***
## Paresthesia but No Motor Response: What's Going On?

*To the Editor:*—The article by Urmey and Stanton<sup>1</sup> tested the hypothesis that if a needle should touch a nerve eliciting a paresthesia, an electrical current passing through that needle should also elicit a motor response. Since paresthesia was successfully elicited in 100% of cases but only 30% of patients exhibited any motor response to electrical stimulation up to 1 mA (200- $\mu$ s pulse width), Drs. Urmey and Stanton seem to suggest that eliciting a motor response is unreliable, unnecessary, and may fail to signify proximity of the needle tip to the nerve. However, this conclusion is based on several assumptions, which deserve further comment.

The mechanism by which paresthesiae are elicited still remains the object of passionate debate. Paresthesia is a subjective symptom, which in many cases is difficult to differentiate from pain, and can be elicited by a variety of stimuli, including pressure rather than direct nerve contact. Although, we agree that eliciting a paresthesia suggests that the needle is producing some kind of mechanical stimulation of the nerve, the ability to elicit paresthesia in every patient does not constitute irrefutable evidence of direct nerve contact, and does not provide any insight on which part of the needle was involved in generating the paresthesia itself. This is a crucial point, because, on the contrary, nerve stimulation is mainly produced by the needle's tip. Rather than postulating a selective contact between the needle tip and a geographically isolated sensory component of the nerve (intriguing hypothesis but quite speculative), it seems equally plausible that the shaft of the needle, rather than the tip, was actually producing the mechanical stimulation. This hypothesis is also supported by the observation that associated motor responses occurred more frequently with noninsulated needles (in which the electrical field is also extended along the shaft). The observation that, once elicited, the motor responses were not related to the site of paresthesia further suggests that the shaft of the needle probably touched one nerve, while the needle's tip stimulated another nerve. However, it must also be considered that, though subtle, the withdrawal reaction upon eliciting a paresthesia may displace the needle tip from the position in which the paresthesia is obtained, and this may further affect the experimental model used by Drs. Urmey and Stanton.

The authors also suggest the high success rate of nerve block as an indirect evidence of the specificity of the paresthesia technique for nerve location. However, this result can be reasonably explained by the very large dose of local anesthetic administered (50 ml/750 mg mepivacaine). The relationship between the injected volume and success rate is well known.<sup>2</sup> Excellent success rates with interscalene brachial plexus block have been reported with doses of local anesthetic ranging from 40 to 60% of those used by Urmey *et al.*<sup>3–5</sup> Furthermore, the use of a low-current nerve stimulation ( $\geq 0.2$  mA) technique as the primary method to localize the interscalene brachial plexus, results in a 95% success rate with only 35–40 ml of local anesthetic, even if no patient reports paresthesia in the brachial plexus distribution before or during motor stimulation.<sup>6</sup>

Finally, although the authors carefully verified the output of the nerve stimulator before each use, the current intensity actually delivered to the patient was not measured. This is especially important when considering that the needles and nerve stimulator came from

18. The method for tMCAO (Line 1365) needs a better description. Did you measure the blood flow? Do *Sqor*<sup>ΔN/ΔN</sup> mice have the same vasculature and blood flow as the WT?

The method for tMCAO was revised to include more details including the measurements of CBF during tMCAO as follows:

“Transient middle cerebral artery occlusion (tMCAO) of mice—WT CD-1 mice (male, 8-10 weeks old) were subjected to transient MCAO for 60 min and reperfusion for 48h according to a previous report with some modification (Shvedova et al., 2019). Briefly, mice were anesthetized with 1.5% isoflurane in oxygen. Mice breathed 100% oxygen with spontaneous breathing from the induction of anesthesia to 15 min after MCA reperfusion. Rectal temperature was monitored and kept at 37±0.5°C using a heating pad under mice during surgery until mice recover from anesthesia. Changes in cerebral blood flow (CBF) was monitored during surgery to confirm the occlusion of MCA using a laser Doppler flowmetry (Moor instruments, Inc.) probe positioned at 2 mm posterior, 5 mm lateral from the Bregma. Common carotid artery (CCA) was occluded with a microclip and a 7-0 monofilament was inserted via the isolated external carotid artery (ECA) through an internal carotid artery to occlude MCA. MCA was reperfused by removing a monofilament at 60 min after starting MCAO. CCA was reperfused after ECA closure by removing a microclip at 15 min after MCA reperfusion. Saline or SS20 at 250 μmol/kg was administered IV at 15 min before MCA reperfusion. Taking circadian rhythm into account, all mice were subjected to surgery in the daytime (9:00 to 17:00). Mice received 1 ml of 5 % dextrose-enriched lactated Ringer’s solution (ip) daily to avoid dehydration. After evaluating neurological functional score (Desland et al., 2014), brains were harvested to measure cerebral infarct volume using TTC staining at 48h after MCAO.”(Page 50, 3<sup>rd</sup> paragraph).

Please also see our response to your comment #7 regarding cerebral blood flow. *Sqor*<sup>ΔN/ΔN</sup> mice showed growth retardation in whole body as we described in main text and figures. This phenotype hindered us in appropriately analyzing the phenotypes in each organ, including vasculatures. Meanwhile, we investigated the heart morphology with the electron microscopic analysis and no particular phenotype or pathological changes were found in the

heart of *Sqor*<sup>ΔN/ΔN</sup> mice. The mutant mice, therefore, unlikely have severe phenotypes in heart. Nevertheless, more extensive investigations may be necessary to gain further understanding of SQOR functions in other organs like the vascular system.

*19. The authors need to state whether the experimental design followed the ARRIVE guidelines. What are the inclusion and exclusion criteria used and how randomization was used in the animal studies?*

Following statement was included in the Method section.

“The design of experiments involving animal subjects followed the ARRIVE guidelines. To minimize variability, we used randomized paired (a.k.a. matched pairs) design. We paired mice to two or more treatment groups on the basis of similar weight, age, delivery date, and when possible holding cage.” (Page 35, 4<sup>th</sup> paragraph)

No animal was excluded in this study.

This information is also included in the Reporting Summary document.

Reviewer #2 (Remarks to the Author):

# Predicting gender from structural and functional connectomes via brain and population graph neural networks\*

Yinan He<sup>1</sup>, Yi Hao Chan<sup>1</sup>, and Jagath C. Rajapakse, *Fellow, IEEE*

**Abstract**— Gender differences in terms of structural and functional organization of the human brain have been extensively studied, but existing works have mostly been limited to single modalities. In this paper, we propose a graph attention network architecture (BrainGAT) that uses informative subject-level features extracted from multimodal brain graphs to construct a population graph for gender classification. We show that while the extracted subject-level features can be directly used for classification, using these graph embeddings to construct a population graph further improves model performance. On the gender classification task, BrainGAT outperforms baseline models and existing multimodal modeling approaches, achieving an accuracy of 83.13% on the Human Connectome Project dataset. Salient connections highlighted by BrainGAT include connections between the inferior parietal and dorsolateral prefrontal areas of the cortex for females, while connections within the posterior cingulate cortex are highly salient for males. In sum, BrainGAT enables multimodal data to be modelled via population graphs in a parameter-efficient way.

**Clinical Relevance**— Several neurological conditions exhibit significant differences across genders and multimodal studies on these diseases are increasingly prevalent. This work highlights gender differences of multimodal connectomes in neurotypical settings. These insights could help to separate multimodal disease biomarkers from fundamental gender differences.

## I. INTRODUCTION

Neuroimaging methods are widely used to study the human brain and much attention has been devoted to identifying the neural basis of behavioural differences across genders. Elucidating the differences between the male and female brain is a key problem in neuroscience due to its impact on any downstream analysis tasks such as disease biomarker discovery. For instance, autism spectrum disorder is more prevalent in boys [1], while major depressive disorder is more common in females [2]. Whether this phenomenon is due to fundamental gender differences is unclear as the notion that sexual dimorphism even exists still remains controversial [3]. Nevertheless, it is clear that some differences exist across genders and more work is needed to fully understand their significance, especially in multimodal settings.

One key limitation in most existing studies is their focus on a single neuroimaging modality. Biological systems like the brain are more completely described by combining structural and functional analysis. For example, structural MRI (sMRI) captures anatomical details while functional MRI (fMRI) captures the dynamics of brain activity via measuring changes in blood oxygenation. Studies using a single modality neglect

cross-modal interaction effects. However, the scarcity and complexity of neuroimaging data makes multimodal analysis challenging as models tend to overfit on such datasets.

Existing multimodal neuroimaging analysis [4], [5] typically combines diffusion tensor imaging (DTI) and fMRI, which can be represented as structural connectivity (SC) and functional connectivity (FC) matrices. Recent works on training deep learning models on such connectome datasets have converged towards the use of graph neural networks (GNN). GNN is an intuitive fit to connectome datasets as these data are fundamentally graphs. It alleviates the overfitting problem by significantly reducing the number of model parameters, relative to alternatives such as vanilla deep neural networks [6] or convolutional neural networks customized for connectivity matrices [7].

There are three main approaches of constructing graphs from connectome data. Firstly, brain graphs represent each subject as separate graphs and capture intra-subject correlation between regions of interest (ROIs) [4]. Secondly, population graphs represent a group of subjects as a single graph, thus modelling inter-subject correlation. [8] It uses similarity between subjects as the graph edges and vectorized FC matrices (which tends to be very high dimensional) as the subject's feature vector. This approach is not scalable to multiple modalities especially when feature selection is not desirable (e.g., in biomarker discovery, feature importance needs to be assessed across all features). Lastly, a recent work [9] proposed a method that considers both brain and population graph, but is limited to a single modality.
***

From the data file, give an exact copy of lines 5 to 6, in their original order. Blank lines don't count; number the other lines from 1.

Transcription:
Finally, although the authors carefully verified the output of the nerve stimulator before each use, the current intensity actually delivered to the patient was not measured. This is especially important when considering that the needles and nerve stimulator came from

18. The method for tMCAO (Line 1365) needs a better description. Did you measure the blood flow? Do *Sqor*<sup>ΔN/ΔN</sup> mice have the same vasculature and blood flow as the WT?